Aston Martin DBS 770 Ultimate Review

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The last hoorah for Aston Martin’s V12 flagship is the best yet, matching performance with a clear dynamic polish.

It’s the end of the line for the DBS, so it’s no surprise that Aston Martin has pulled out all the stops for the final DBS 770 Ultimate, perhaps quite literally in the case of its 5.2-litre, twin-turbo V12, which sees power raised from 725 to 770ps. That’s up from 533kW to 566kW, which doesn’t have quite the same ring to it but, ye gods, in whatever measurement of power you choose that’s a spectacular amount of power in a rear-drive GT car. Ask anyone who’s driven the 533kW DBS what it needs and I’d bet good money the least likely answer is ‘more power’, but here we are. The 770 Ultimate takes the accolade of most powerful series production Aston Martin of all time, pipping even the limited run One-77 and its 7.3-litre, naturally aspirated V12 along the way.

All 499 examples – 300 coupes and 199 Volantes – have already been snapped up. I would guess some of those customers are familiar with the current DBS and have looked beyond the power uplift and the tinkering around the edges – and there’s a lot of body and trim tinkering – and towards the meaningful work on the chassis to make the DBS an even more engaging drive.

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There does appear to be a concerted effort to increase the feel and connection, particularly in regard to how the DBS steers, with a solidly mounted steering column and a beefed up front subframe. There’s a stiffer rear undertray too, resulting in 25 percent increase in front end lateral stiffness and marginal increases in overall structural stiffness. Building on this, Aston has developed a unique tune for the Skyhook adaptive dampers that is said to enhance composure without compromising the ride.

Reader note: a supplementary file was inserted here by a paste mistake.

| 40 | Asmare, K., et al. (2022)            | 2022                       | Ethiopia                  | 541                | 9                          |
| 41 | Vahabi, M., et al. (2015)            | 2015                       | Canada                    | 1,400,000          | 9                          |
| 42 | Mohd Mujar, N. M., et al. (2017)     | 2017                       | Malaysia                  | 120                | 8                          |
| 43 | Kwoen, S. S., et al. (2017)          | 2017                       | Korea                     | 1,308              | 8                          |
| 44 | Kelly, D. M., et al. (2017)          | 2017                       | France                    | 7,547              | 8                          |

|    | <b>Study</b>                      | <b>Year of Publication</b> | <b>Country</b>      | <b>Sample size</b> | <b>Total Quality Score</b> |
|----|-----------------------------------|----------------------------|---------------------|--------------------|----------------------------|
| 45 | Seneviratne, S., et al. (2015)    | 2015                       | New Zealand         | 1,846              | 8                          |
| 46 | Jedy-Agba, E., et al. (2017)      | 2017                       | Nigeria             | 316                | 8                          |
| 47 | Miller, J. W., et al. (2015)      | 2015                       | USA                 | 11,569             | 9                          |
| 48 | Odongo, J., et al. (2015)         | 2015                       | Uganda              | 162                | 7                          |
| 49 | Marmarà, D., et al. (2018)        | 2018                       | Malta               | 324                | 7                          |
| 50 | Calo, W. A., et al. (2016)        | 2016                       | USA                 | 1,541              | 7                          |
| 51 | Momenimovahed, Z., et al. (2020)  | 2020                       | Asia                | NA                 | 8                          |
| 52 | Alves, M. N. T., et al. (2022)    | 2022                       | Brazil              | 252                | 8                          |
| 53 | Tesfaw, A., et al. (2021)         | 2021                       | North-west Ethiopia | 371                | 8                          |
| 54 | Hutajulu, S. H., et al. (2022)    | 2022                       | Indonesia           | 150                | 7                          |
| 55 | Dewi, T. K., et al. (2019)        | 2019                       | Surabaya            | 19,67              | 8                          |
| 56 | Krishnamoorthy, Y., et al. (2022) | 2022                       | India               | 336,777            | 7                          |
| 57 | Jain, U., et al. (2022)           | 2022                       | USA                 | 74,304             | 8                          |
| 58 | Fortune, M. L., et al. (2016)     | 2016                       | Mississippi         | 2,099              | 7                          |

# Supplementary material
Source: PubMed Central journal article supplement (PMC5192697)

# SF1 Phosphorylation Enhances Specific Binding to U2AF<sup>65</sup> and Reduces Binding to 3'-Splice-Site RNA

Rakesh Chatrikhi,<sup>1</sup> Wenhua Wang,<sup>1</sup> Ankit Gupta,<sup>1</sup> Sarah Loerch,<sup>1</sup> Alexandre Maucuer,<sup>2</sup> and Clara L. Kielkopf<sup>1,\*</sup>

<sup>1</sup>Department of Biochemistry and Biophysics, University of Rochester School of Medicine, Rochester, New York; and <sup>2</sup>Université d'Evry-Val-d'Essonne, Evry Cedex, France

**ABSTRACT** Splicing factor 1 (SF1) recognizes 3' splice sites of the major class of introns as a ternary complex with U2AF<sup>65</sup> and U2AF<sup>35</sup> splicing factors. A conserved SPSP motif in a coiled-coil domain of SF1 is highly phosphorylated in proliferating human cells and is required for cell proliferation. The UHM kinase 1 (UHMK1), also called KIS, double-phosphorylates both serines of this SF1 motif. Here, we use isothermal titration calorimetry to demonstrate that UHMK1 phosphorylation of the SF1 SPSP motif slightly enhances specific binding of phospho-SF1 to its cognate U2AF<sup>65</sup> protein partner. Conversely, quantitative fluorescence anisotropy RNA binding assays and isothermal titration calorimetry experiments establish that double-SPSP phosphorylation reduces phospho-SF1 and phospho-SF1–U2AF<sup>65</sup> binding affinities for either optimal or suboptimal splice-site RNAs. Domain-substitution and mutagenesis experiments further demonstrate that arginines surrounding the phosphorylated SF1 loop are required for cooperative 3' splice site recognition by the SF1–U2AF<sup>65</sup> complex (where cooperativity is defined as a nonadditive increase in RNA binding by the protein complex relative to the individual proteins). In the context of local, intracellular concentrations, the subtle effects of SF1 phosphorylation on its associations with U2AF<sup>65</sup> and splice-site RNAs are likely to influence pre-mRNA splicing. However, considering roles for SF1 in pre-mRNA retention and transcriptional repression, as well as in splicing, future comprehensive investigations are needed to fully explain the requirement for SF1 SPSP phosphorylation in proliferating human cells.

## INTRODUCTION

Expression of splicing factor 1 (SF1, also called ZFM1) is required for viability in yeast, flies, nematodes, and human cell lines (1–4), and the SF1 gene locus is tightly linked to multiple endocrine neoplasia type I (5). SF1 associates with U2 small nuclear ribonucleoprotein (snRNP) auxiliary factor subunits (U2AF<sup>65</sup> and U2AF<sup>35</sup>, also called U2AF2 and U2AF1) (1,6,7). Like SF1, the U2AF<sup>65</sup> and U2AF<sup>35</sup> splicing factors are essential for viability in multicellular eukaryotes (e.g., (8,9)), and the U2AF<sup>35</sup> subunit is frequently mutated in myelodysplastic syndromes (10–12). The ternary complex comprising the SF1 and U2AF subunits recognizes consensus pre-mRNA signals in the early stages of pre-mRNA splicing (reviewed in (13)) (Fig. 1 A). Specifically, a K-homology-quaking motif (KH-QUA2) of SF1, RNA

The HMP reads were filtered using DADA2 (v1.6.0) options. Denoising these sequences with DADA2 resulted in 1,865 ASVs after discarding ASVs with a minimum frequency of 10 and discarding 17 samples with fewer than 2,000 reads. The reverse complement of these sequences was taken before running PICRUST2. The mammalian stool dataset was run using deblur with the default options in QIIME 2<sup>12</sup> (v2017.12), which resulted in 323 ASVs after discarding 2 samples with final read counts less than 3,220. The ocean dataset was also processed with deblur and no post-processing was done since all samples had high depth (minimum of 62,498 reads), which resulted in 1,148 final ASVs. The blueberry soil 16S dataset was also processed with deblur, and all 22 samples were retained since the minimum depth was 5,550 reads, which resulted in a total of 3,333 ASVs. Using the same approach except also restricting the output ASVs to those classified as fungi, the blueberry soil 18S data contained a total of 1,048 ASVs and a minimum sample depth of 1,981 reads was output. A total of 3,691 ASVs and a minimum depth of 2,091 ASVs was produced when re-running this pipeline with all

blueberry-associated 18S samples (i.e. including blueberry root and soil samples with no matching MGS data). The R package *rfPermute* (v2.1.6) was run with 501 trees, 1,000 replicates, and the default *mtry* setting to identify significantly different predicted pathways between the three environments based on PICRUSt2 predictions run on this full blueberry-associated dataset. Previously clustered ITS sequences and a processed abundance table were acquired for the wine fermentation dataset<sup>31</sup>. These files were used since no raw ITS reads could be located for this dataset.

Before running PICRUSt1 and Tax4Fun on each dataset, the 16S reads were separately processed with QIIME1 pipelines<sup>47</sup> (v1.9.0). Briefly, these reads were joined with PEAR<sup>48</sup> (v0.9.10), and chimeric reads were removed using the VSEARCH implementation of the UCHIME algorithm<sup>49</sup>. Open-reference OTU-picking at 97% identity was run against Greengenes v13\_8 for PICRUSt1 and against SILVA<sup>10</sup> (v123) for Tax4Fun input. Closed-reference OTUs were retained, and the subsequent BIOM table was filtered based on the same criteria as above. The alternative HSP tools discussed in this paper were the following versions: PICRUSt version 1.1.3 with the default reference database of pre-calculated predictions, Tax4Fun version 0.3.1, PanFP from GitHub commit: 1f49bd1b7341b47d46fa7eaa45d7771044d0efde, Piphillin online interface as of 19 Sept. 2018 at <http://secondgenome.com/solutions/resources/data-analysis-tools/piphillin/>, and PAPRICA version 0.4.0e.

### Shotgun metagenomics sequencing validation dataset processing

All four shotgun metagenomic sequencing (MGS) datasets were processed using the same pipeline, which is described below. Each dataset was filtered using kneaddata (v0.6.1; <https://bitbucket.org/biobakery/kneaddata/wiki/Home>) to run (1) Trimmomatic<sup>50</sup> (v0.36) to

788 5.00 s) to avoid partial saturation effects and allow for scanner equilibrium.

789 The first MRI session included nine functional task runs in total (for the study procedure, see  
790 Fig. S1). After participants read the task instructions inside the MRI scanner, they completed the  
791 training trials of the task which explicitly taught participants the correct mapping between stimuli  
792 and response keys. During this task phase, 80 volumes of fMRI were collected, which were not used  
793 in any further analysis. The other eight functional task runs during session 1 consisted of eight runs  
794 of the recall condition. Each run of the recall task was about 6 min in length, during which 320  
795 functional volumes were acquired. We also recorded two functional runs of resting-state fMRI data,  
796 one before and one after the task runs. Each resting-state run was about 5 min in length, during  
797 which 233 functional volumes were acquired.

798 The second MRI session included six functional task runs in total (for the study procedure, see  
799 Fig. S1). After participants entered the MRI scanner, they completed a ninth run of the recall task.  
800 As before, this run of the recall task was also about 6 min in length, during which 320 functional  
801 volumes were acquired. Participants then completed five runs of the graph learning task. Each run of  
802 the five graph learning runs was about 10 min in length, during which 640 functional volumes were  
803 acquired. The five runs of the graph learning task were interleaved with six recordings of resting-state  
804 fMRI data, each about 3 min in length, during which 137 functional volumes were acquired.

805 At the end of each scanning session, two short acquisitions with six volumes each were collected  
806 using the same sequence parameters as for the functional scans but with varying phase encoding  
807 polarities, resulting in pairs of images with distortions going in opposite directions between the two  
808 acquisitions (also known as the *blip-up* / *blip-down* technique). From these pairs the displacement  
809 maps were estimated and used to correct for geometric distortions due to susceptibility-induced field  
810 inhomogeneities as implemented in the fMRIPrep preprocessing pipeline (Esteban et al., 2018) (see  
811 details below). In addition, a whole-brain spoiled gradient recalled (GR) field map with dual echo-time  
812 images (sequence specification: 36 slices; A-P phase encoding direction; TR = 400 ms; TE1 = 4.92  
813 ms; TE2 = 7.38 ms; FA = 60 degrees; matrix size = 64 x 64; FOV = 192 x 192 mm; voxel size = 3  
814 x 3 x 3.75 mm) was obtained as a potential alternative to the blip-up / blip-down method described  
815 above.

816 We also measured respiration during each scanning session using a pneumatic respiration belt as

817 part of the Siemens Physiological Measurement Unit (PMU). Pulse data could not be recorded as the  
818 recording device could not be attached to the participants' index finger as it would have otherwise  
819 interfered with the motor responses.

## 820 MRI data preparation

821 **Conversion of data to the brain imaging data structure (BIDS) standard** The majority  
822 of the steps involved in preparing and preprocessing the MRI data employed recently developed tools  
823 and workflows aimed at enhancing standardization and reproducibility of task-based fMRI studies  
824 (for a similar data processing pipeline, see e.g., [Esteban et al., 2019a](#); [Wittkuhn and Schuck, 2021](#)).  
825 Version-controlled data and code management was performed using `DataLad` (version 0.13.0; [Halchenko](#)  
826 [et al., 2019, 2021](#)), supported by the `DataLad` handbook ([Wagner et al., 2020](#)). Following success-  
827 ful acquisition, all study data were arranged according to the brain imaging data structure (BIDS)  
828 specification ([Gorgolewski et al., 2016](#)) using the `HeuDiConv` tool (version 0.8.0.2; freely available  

In the presence of the 770 Ultimate, the first things that strike you are the distinctive and huge-looking new wheels. They’re inspired by the design for the one-off Victor and are shod with the same sized tyres as the standard DBS – 265/35 R21 front and 305/30 R21 rear Pirelli P Zeros. Second is the scale of the car they’re attached to; from the rear, the DBS is simply mahoosive.

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The scales agree. This is an 1845kg car even when fitted with all the lightest options. The Ultimate’s vast clamshell bonnet with its unique horseshoe vent is carbonfibre, as is the boot, and a carbon roof is available to match, plus a carbon front splitter, side vents and a new sill extension that starts ahead of the rear wheel and continues after, linking up with the revised rear diffuser.

Inside there’s lots more carbon, notably forming the smooth, sculpted shells of the front seats but also integral to the door casings and centre console. The HMI is recognisably past-gen Mercedes (the last new model in which Aston will use it) but sitting above is Aston’s line of buttons for the auto box – individual P-R-N-D buttons – a layout that is neither ergonomic nor intuitive. However, when you press that larger start/stop button that divides them, the earth rocks a little.